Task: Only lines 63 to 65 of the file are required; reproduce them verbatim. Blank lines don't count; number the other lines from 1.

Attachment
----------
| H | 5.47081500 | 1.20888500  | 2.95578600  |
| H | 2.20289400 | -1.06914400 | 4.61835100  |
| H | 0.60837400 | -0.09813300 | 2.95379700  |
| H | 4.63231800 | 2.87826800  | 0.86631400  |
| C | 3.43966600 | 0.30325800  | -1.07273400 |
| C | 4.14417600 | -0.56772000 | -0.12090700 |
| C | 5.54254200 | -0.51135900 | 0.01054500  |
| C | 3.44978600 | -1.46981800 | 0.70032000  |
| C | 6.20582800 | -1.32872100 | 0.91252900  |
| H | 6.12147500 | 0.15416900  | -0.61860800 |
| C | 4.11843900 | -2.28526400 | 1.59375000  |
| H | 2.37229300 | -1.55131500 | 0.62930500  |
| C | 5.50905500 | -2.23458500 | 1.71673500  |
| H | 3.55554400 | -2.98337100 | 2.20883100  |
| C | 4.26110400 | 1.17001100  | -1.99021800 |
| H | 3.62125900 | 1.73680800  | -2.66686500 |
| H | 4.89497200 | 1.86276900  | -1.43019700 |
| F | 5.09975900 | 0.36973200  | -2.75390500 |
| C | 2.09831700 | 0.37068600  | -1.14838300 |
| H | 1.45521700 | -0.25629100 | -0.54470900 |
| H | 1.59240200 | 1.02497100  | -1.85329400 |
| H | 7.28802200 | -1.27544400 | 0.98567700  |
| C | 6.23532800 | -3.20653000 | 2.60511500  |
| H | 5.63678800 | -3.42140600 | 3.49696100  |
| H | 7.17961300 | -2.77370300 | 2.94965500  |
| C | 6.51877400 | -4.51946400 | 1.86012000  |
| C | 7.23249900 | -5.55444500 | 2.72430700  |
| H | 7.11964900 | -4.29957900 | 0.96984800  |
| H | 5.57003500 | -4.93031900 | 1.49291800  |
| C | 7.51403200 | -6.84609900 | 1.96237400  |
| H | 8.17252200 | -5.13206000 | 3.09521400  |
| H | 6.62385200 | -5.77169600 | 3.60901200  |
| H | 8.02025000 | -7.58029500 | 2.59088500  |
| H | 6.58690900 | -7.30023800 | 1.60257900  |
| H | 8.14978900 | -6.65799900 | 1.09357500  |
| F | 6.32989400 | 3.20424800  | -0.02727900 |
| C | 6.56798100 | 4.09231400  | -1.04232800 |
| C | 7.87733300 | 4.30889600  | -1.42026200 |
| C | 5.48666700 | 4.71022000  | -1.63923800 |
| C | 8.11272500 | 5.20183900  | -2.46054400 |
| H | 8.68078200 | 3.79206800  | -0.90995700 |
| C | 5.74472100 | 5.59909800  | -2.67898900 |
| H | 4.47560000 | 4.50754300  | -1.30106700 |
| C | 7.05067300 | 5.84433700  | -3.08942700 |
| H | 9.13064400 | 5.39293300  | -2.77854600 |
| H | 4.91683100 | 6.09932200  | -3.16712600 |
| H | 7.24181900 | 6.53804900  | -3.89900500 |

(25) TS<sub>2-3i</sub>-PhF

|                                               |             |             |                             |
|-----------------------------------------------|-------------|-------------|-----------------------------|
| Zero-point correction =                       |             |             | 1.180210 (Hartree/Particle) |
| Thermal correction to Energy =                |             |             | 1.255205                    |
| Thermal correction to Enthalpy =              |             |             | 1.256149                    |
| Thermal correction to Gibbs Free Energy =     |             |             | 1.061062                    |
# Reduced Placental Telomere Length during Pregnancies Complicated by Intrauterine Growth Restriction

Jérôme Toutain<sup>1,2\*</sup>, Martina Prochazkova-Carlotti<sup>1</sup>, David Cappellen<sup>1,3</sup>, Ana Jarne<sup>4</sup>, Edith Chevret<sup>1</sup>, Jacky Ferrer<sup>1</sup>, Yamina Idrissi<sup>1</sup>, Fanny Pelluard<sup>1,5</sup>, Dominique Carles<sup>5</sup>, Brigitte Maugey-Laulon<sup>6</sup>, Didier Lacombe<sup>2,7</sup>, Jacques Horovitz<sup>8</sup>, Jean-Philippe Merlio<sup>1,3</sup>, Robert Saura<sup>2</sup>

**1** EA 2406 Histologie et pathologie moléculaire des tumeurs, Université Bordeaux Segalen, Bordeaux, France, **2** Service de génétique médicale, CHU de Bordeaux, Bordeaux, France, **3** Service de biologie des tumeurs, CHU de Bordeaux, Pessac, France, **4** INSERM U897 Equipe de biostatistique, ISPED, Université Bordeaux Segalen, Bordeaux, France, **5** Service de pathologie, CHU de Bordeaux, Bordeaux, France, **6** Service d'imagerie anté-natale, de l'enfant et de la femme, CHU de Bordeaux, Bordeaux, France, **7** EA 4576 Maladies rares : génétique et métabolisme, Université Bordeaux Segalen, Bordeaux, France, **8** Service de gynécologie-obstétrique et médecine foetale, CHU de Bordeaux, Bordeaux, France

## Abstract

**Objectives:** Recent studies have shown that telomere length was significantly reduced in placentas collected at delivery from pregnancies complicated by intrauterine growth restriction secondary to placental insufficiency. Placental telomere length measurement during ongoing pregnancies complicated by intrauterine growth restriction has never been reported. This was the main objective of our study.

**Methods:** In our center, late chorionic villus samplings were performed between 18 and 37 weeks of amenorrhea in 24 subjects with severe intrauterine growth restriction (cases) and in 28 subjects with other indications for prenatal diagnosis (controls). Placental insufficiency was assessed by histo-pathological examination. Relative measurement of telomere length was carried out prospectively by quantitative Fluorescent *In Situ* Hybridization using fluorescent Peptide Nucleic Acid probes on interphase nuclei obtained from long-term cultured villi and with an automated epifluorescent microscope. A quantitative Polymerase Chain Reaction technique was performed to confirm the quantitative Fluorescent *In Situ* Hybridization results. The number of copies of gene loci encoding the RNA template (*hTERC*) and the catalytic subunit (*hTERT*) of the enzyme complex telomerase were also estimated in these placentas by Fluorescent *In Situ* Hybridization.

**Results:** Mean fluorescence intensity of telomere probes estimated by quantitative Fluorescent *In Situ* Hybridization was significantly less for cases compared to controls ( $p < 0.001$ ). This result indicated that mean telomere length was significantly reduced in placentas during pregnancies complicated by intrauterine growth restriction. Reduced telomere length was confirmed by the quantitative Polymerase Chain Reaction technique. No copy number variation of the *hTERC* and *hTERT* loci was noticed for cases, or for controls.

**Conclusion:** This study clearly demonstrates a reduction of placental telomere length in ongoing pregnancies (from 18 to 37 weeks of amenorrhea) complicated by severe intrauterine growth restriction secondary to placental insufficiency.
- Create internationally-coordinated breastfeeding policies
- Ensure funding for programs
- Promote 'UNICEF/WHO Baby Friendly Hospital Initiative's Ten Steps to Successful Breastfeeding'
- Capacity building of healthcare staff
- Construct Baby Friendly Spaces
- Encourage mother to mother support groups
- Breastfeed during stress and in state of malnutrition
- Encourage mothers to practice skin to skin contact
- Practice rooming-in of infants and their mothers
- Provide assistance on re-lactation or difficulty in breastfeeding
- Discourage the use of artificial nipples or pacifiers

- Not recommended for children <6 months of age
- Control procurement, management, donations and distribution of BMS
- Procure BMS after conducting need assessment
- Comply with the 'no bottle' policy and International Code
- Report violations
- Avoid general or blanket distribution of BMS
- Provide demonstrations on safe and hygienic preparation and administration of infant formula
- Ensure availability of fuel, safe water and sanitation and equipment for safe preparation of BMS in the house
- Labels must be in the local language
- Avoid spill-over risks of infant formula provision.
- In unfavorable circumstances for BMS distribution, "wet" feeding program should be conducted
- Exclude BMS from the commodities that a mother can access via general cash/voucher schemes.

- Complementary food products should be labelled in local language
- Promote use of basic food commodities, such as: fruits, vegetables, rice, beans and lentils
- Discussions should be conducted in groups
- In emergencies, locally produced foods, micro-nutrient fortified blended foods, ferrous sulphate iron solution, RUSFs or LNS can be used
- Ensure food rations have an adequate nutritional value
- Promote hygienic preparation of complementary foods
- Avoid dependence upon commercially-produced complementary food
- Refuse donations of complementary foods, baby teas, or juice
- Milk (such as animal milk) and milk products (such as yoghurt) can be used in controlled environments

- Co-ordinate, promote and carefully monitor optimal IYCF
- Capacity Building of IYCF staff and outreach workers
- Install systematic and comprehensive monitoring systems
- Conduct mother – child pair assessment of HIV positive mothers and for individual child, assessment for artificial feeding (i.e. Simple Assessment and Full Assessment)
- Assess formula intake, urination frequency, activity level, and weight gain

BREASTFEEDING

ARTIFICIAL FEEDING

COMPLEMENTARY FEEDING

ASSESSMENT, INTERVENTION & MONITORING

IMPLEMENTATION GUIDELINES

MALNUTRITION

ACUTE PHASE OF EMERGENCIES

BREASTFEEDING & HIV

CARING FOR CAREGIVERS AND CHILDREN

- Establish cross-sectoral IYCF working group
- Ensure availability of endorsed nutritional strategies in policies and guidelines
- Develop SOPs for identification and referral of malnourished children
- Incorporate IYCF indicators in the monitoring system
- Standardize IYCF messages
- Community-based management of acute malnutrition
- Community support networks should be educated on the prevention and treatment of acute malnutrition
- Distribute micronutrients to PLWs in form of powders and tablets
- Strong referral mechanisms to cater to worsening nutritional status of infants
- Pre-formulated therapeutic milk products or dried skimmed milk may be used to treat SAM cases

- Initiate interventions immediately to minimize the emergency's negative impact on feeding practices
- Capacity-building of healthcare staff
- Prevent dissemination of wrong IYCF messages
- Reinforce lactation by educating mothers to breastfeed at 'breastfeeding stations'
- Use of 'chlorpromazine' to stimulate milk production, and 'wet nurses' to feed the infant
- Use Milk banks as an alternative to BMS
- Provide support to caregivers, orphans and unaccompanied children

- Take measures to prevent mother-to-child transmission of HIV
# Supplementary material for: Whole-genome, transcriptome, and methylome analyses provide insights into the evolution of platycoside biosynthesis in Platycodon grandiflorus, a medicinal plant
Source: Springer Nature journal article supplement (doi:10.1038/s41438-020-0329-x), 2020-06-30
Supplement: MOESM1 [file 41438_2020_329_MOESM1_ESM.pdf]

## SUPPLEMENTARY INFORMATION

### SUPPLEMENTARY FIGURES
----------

- Create internationally-coordinated breastfeeding policies
- Ensure funding for programs
- Promote 'UNICEF/WHO Baby Friendly Hospital Initiative's Ten Steps to Successful Breastfeeding'